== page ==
• Perennial—plant that can live more than a single year despite seasonal climatic variations.
        • Annual—plant that perishes during times of climatic stress but leaves behind a reservoir of seeds to germinate during the next favorable period.
  • 7. Characteristics of Plants
    • Common characteristics:
      • Roots (to gather nutrients and moisture and to anchor plant);
      • Stems and branches (to support and transport nutrients);
      • Leaves (to collect solar energy, exchange gases, and transpire water);
      • Reproductive organs.
  • 8. Floristic Terminology
    • Categorizing by reproduction:
      • Through spores
        • Those that reproduce by spores are in two major groups:
          • Bryophytes—spore-bearing plants such as mosses and liverworts; never dominated in history, but can be very important in some localized situations.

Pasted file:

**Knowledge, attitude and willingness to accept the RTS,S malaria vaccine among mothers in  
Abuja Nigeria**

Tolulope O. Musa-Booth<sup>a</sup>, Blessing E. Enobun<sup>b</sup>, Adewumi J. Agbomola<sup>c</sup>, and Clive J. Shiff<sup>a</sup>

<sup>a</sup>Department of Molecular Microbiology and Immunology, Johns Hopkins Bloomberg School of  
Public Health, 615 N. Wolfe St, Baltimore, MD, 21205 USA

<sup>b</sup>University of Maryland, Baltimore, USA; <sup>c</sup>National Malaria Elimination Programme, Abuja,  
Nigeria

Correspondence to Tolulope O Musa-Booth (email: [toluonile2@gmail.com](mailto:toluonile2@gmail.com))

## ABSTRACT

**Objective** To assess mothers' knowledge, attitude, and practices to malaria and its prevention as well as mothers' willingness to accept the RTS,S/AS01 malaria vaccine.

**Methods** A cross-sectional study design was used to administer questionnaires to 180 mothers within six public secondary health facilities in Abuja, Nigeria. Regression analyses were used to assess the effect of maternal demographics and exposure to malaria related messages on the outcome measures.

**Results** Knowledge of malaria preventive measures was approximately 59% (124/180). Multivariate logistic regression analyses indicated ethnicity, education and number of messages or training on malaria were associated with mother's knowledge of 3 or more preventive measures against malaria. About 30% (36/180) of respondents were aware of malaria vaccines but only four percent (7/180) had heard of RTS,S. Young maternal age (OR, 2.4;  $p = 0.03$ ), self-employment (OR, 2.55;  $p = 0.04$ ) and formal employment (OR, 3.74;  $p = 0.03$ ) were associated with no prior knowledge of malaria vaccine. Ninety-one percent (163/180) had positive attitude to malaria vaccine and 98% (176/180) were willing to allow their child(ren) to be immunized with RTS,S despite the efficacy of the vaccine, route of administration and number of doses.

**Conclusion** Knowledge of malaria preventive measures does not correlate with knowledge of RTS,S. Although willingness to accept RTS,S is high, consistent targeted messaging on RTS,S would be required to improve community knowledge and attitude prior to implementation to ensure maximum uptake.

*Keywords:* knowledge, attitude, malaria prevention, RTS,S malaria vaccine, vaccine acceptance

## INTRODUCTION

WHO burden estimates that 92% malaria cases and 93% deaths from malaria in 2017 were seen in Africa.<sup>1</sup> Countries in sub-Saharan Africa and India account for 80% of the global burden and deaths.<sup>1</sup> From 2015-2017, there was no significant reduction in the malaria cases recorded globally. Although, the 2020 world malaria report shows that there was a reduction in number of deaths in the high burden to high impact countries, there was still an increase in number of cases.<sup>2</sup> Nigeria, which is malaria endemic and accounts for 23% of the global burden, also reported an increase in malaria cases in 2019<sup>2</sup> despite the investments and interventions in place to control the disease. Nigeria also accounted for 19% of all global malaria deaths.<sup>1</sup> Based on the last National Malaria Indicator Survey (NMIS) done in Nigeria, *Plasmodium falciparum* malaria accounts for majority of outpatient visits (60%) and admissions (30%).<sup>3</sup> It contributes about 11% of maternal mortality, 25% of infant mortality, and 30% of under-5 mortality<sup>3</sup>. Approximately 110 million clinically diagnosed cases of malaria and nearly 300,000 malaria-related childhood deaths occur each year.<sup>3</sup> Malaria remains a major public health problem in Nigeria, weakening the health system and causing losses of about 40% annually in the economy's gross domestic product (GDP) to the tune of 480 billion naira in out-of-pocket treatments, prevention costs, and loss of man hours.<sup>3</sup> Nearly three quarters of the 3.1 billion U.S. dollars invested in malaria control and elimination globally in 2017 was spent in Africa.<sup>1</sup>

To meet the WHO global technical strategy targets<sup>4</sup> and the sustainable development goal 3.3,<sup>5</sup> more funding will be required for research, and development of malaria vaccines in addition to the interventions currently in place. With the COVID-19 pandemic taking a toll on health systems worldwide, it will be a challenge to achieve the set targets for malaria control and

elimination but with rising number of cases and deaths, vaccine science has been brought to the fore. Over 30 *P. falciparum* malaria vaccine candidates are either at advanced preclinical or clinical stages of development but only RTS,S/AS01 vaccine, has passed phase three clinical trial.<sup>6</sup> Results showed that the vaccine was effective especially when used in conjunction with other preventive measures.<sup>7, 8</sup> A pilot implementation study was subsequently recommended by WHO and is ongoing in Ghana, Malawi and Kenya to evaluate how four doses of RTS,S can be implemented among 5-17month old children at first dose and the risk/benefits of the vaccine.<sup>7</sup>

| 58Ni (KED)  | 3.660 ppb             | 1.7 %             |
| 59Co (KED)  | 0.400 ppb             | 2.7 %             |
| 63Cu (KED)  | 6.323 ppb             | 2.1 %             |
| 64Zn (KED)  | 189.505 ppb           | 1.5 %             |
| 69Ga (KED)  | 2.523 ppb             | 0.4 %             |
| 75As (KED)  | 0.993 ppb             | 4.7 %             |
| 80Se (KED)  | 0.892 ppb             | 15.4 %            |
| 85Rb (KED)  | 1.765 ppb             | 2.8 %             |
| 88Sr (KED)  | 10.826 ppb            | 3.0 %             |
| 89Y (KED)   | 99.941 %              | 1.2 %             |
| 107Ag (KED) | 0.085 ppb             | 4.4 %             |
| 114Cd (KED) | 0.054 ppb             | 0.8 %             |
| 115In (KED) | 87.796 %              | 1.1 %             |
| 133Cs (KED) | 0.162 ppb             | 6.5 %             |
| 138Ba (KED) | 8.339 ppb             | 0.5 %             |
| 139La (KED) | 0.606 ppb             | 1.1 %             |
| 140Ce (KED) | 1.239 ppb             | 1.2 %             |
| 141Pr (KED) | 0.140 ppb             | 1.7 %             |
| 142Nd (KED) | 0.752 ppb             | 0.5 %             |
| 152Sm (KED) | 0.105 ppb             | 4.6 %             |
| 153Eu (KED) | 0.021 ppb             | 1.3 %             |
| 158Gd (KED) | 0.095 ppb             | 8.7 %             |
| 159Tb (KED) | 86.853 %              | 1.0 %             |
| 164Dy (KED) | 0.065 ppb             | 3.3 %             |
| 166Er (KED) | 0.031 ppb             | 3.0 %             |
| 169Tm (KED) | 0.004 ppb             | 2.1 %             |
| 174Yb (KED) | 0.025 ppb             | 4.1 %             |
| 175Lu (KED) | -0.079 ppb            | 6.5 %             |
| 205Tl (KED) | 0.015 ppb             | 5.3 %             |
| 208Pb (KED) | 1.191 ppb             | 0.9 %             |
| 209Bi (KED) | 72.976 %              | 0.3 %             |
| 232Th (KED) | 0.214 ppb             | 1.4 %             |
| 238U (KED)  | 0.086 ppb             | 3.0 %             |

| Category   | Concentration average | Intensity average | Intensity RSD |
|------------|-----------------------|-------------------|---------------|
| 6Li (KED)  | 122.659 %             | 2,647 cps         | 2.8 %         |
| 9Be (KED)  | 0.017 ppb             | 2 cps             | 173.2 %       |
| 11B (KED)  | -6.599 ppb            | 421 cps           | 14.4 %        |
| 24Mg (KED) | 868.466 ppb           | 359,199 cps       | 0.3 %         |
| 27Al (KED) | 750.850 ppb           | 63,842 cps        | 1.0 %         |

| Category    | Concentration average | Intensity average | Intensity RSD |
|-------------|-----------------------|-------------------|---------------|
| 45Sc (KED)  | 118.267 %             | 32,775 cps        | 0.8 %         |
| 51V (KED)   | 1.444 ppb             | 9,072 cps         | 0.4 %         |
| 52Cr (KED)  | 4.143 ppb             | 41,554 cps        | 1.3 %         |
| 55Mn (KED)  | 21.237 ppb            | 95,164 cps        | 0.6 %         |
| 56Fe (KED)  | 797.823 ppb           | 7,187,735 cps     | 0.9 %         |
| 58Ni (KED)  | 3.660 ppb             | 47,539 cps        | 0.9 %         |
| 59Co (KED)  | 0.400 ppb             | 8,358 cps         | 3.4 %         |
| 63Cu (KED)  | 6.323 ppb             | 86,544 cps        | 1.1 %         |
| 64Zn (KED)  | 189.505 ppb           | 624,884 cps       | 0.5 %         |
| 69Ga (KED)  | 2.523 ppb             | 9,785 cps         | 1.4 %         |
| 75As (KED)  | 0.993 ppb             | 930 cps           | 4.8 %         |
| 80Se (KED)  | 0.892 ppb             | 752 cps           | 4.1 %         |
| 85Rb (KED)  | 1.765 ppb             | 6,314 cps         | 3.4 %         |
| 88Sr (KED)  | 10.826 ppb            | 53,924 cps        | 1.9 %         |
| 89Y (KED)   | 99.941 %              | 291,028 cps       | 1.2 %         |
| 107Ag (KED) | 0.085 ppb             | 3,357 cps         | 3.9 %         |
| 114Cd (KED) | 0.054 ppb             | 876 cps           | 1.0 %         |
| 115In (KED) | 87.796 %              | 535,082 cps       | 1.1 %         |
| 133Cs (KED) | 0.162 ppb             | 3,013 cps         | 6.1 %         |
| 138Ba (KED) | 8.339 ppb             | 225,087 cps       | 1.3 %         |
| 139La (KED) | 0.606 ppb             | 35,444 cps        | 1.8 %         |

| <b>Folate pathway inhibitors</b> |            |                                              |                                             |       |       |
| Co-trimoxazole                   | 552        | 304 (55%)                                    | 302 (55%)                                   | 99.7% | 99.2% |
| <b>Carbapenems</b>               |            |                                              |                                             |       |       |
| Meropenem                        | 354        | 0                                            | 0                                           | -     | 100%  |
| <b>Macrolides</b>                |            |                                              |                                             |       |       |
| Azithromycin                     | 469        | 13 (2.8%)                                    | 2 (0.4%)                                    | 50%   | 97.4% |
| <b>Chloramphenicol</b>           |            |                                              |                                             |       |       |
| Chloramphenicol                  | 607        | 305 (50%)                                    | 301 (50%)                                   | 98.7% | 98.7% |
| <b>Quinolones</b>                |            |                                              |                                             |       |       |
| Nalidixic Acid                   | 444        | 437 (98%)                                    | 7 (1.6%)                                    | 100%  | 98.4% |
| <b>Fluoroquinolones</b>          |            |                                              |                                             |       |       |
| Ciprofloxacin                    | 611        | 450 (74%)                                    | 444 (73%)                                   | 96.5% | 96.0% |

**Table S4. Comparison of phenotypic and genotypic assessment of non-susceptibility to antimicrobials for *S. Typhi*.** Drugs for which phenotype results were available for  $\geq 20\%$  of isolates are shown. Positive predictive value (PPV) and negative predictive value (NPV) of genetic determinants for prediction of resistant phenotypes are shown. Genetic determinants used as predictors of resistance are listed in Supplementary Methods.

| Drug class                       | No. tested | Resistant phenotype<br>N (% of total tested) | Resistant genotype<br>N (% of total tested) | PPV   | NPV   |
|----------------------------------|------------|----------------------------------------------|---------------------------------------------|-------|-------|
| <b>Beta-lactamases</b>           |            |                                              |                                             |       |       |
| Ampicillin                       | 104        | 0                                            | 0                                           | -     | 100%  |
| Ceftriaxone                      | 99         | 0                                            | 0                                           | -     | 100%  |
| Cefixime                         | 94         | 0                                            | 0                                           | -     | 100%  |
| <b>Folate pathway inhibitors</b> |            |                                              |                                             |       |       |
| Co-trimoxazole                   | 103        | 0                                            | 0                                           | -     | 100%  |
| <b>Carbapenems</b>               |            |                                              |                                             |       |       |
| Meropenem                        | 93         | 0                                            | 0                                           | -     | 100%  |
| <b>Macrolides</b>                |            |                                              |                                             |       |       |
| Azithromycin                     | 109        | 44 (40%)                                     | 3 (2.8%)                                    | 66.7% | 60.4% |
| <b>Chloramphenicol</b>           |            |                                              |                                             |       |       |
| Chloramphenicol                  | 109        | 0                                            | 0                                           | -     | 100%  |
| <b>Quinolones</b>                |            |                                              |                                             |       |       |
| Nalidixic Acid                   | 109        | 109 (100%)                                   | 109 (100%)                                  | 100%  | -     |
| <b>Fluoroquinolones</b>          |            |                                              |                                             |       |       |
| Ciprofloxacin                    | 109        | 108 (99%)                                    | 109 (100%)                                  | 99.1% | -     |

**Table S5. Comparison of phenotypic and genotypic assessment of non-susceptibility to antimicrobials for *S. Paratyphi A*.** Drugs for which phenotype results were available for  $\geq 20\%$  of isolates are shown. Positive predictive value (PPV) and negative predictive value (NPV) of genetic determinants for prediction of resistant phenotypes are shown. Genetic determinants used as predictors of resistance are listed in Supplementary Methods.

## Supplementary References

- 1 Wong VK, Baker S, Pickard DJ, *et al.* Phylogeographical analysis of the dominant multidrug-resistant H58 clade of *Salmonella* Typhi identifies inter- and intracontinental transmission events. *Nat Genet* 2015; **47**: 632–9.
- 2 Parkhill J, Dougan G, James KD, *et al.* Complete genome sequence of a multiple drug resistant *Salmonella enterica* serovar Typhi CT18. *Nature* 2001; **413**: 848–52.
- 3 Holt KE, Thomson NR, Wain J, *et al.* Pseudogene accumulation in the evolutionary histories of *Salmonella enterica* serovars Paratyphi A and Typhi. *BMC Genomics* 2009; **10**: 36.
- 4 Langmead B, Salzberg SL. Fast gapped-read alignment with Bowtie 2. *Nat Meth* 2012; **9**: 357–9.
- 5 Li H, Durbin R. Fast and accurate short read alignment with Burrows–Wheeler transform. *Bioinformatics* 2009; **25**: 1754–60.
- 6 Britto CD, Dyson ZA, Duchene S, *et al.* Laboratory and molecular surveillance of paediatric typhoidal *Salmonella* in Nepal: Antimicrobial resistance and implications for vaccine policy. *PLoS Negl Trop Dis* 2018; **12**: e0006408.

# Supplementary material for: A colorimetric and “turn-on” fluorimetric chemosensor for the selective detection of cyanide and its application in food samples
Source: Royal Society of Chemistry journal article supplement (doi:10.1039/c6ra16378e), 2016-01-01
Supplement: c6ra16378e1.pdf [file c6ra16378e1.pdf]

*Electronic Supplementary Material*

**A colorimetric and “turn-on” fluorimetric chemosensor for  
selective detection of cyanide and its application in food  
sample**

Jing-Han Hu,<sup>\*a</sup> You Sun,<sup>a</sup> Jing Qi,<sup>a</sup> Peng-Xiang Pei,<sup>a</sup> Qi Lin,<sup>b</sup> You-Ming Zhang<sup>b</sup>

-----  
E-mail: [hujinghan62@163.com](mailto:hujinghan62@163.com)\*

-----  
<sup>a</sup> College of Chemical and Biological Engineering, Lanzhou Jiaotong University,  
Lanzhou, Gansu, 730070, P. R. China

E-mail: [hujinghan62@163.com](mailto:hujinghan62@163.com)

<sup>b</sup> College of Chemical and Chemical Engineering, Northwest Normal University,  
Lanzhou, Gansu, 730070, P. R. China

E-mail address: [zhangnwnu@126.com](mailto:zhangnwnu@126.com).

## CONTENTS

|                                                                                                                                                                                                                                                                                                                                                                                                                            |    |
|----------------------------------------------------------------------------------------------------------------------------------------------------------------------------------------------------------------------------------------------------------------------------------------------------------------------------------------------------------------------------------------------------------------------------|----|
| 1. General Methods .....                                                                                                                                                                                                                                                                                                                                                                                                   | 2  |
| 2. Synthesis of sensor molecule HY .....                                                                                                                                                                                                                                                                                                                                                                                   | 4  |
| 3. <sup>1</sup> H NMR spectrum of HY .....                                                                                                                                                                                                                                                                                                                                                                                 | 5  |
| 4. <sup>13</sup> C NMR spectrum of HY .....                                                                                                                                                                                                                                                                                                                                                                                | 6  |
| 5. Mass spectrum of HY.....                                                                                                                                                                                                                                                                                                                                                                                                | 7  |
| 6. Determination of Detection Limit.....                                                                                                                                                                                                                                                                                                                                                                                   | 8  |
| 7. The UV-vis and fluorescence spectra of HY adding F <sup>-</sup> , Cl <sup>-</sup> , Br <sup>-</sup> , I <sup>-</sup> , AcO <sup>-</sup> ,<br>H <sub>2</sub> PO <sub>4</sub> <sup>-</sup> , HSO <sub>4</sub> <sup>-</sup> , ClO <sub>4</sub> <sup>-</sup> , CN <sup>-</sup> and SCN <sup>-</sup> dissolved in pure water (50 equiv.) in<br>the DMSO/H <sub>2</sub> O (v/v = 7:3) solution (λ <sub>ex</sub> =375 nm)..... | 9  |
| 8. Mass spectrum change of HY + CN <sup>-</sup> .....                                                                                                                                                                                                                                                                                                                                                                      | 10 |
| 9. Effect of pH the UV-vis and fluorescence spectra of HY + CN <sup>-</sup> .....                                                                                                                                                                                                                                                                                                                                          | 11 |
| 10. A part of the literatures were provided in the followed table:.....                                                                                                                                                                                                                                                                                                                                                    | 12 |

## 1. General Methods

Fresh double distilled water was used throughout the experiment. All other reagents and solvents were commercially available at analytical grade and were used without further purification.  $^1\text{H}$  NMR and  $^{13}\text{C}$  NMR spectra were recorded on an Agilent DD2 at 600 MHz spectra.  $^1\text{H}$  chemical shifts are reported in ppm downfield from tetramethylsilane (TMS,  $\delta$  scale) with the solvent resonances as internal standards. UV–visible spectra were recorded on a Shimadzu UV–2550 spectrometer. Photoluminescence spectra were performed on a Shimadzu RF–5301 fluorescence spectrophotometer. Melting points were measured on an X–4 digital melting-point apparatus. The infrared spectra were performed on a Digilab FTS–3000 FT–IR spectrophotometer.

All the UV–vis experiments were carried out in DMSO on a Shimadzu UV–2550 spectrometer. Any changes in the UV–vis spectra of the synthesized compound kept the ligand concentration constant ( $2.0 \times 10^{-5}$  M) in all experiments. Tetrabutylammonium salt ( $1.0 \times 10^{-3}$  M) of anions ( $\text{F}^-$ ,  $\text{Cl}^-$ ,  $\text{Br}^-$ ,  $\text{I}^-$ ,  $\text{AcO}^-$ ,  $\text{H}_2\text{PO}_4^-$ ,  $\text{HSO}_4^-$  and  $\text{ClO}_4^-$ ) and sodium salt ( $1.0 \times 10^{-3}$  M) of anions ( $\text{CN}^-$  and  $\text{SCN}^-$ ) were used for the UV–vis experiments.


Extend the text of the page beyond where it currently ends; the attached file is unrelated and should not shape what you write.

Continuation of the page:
• Pteridophytes—spore-bearing plants such as ferns, horsetails, and clubmosses; used to dominate continental vegetation, but no more.
    Spores Bryophytes Pteridophytes
  • 9. Floristic Terminology
      • Through seeds
        • Those that reproduce by seeds are in two major groups:
          • Gymnosperms—seed-reproducing plants that carry their seeds in cones; also known as conifers.
            • Used to be more important, in geologic past.
          • Angiosperms—plants that have seeds encased in some sort of protective body, such as a fruit, a nut, or a seedpod.
            • Have dominated planet vegetation for last 50 million to 60 million years.
    Seeds Gymnosperms Angiosperms
  • 10.
      • Other terms
          • Fig. 11-3
    Trees Gymnosperms Angiosperms Softwood Coniferous Needleleaf Hardwood Deciduous Broadleaf
  • 11. Floristic Terminology
    • Categorizing by stem or trunk composition:
      • Woody plant—plant that has stem composed of hard fibrous material; refers mostly to trees and shrubs.
      • Herbaceous—refers to plants that have soft stems; mostly grasses, forbs, and lichens.
    • Categorizing by leaf retention: